Rick Steves Civita Day Pack Review

Day Pack for Walking

Rick Steves' Civita Day Pack
Rick Steves' Civita Day Pack. Wendy Bumgardner ©

This lightweight, microfiber day pack is a great item for walking tours, travel or everyday ambling. It has three zippered compartments to keep things organized, and two outer mesh pockets to hold your water bottle or other items. It's stamped with travel guru Rick Steves' name and is very popular with walkers. It has a 957-cubic-inch capacity and comes in four colors.

Manufacturer's Site

Using the Civita Day Pack as Travel Gear

I found the Civita day pack while browsing at my local AAA office for a moneybelt to take on my walking vacation to Turkey.

I was immediately drawn to several of its features, and I bought a pack for a real shakedown.

Lightweight polyester microfiber construction: The soft-feel microfiber has many advantages. It is lightweight but tough enough to carry your stuff. I could save a few ounces over my other packs if I put this one into my luggage or carry-on. Every ounce matters when you are trying to save room/weight for souvenirs.

Straps: The shoulder straps are nicely padded, and I found the pack very comfortable to wear throughout a full day of walking and touring. I also wore it with a load of five pounds or more without any discomfort. I had no difficulty in adjusting the straps. It doesn't have a waist belt or pectoral belt, just the shoulder straps. The bag also has a carry-strap at the top, which I appreciated when I just wanted to grab the bag and carry it off the plane or bus, or hang it up on a hook in a restroom.

Zippered compartments: The Civita has three zippered compartments. The smallest is still big enough to hold your passport, wallet, reading glasses, etc. The next biggest can hold a paperback book (dare we say a Rick Steves' travel guide?) The largest compartment is spacious enough to hold my jacket once I warm up, or even a pair of shoes!

As a carry-on, I slipped my iPad into it with plenty of room for the jacket or other items. One warning: Because the pack is made of lightweight fabric, it may be easier for things to spill out when the pockets are open. I practiced caution in this regard and made sure everything was securely zipped after each use.

Zippers and security: Each compartment has two zipper pulls, so you can choose whether to pull them to the left, to the right or leave them in the center. I didn't find any problem with them coming unzipped accidentally. But if you are concerned about pickpockets, this arrangement makes it easy to tie the two pulls together with a twist-tie, safety pin or other fastener. There's also an interior ring on which to clip items.

Mesh compartments: There is a mesh compartment on each side of the pack that you can use for holding water bottles or other small items. They are secured with a drawstring. On first use, I had a single-use bottle of water that kept slipping out whenever I bent over.

But my reusable water bottle, which has a "waist," was secure in the pocket. On the other hand, I found it hard to get the water bottle out of the pocket if I wanted to take a drink without slipping the pack off. One of my tour companions had the drawstring come loose on one of the pockets, making it less usable. She plans to complain to Rick (the bags have a limited warranty that is likely to cover that). I also used one pocket for stowing Kleenex, a head band and other small items.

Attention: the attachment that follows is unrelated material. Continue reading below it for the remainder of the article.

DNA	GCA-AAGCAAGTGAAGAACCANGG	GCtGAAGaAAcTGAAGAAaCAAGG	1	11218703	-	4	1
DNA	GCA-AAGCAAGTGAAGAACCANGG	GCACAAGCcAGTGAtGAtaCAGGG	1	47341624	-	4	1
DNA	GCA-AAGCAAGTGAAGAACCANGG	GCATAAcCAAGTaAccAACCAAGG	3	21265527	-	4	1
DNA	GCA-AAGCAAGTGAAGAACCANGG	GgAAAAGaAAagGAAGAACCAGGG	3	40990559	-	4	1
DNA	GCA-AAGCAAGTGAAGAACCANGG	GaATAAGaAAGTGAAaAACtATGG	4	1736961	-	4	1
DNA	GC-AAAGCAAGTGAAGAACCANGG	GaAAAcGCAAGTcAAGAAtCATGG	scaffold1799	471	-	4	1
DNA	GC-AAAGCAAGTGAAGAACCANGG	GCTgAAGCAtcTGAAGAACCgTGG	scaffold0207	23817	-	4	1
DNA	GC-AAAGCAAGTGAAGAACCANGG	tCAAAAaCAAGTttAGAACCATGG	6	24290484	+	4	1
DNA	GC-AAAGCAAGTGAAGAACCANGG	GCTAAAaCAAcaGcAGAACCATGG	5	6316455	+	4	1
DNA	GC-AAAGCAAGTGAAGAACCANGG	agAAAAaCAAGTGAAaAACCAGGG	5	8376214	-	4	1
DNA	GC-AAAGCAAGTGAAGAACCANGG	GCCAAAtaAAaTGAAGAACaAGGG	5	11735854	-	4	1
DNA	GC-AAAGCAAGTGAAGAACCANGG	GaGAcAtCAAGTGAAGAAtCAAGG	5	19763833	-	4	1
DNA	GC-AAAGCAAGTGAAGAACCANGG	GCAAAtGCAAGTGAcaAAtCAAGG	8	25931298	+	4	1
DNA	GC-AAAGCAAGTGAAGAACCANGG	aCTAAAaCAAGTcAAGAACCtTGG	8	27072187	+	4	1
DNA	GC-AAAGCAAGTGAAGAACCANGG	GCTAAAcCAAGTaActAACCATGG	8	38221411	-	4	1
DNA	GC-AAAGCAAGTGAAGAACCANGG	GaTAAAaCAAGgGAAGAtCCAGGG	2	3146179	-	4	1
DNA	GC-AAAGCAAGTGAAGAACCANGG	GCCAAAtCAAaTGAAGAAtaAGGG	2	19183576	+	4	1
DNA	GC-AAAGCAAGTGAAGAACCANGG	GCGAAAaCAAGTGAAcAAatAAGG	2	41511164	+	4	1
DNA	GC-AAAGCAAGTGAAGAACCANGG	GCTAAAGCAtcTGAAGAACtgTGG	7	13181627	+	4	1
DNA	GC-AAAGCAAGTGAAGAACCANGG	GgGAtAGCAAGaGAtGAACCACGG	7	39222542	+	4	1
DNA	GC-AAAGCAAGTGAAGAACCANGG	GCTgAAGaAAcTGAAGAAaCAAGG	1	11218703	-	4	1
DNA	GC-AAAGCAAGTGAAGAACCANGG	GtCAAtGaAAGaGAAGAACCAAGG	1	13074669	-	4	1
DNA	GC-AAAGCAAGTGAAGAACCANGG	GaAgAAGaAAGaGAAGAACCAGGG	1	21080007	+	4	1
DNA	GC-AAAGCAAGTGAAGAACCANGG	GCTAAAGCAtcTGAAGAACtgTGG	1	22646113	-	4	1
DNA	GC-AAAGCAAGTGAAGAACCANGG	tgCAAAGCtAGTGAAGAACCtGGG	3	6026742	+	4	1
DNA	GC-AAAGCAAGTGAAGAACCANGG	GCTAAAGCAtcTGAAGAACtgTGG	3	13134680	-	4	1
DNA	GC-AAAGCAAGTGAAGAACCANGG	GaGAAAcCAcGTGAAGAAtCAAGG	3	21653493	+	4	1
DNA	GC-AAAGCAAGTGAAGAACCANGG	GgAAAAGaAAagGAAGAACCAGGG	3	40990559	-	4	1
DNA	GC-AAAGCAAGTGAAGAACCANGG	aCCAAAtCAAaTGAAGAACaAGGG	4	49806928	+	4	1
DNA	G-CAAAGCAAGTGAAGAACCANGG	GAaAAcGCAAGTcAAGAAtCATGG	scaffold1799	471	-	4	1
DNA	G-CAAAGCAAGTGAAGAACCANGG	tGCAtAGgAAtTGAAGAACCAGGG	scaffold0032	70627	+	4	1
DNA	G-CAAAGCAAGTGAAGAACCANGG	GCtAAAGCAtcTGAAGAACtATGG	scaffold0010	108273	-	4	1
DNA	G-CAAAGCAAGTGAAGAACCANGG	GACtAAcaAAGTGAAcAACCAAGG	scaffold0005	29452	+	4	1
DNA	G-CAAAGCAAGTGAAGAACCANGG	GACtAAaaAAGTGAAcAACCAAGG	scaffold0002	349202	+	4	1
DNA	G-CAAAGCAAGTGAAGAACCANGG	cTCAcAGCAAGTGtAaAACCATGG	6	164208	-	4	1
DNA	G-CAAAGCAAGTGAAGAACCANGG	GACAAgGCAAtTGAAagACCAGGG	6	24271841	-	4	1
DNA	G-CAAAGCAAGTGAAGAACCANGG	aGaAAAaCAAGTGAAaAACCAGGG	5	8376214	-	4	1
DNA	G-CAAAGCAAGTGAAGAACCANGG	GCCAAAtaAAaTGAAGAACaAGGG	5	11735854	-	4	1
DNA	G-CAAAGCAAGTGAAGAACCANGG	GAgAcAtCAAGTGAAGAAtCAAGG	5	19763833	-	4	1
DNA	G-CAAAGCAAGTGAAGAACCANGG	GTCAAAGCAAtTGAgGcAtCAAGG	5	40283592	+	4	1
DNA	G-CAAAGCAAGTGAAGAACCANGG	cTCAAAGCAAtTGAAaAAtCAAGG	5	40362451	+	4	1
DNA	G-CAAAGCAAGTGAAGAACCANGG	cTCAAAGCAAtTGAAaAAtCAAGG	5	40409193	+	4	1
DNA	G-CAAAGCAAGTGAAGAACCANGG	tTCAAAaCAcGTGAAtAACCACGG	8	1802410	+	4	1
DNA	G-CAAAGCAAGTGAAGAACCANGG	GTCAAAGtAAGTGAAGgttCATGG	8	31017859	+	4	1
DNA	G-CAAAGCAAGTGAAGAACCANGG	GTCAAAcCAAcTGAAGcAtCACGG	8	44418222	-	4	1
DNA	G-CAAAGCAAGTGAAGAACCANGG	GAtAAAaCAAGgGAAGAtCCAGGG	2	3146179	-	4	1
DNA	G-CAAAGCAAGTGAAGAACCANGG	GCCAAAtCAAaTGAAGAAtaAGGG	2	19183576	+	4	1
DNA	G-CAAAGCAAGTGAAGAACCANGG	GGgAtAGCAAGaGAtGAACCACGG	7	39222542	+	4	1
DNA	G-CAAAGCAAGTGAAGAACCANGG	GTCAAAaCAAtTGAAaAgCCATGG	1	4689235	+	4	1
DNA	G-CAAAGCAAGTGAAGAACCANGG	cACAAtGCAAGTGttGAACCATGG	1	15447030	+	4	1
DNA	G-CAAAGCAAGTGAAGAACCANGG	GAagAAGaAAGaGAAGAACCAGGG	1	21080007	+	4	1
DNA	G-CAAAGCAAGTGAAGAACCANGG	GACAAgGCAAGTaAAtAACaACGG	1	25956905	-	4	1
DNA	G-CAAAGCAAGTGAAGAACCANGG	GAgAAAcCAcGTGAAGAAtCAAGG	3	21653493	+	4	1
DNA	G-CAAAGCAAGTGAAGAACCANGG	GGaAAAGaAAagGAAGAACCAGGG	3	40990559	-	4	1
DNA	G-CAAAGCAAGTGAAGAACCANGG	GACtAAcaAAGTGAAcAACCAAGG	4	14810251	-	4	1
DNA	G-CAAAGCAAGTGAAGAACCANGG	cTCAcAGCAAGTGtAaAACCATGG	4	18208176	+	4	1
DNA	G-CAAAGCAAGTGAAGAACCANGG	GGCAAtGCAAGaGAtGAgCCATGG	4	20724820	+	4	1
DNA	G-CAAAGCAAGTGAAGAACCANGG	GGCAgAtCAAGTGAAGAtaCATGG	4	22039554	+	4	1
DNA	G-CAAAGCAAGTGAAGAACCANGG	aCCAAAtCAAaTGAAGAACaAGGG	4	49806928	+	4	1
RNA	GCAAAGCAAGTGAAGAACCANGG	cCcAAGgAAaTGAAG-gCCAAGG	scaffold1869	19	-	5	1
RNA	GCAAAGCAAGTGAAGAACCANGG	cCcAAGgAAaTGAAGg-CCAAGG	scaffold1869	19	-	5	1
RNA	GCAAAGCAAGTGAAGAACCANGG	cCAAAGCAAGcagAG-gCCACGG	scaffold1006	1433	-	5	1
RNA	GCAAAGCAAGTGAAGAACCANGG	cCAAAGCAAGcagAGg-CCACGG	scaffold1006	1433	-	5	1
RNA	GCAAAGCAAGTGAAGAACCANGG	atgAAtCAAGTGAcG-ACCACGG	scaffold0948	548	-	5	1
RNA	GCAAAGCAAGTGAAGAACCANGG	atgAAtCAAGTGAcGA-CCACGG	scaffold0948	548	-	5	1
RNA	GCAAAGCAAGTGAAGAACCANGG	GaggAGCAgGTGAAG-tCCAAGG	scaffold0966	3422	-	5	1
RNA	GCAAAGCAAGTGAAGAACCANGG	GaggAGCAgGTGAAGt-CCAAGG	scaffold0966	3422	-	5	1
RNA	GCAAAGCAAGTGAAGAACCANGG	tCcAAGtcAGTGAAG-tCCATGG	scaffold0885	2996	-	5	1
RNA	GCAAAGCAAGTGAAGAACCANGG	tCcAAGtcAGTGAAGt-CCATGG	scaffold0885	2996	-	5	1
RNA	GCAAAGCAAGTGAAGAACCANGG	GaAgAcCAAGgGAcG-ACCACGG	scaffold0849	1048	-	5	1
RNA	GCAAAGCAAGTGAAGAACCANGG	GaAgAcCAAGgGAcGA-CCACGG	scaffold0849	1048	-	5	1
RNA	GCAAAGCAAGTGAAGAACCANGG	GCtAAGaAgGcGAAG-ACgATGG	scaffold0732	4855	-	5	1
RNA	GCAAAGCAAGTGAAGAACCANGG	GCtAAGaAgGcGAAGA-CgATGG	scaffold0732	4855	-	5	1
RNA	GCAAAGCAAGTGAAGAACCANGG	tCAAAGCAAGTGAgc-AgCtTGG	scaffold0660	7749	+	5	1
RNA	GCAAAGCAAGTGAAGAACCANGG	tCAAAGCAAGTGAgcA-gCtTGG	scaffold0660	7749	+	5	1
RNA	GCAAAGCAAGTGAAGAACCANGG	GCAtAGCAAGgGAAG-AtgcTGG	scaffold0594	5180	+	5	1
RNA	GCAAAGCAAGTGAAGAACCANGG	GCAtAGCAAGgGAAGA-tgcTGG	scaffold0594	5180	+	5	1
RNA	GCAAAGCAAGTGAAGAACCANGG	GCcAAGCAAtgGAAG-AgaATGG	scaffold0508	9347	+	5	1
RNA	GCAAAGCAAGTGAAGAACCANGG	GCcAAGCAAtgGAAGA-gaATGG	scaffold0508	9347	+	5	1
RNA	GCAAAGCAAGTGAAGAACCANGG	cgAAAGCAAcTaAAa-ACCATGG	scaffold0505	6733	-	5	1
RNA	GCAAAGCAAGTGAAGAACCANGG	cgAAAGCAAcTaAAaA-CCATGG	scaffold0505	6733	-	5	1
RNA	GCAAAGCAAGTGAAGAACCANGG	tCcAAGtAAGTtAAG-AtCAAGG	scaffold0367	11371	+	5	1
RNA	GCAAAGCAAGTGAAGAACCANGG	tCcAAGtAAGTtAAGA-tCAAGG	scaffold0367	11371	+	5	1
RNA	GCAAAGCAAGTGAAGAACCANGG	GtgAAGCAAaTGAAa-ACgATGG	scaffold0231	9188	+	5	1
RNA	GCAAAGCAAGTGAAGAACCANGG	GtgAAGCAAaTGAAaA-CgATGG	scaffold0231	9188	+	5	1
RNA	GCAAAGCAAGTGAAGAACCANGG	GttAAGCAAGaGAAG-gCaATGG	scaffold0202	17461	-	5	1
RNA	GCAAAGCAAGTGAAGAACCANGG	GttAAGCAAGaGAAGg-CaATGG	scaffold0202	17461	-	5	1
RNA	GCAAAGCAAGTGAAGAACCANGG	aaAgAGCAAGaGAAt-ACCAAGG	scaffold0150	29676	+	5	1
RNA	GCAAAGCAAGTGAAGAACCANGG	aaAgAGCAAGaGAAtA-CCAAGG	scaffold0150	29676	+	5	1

Washable: You can hand wash the pack. I got mine dusty on the trail and don't even want to think about what it may have picked up in restrooms on the trip. You can spot-clean it with soap and water and it will dry very fast.

The back of the pack is not cushioned at all. I wouldn't recommend carrying sharp objects in it or anything that is uncomfortable.

Taking the Civita on a Walk

I used the Civita each day of my walking trip in Turkey. It was a perfect "purse" for a long airplane ride, stowing easily underneath the seat. You can even use it as a pillow if you stow a jacket in it.

On the trail or on a long day of touring, I found it to be an excellent pack. It had space enough in the main compartment for taking on/taking off such layers as a jacket, scarf, hat and the legs of your zip-off travel pants.

I normally wear a CamelBak hydration pack for longer walking workouts, as I am better at drinking regularly if I have a sipper tube. The Civita's water bottle holders are not as convenient, but they worked.

Popular with Walking Tourists

I had to chuckle when I counted at least five of these Civita bags among the 28 members of our walking-tour group. None of them complained. By the end of 10 days on the road, I was very pleased with my purchase. I continue to use the pack on walking trips to Spain and throughout the United States. It works very well as a carry-on bag for air travel as well.

Lightweight Alternatives

I also purchased a Lewis N. Clark Electrolight Backpack, which is even lighter in weight than the Civita. It works well as a day pack but it only has a single compartment and the pouch that it zips into. It is great to bring along to use when needed, but for travel the Civita works better with its three pockets for organizing your stuff.

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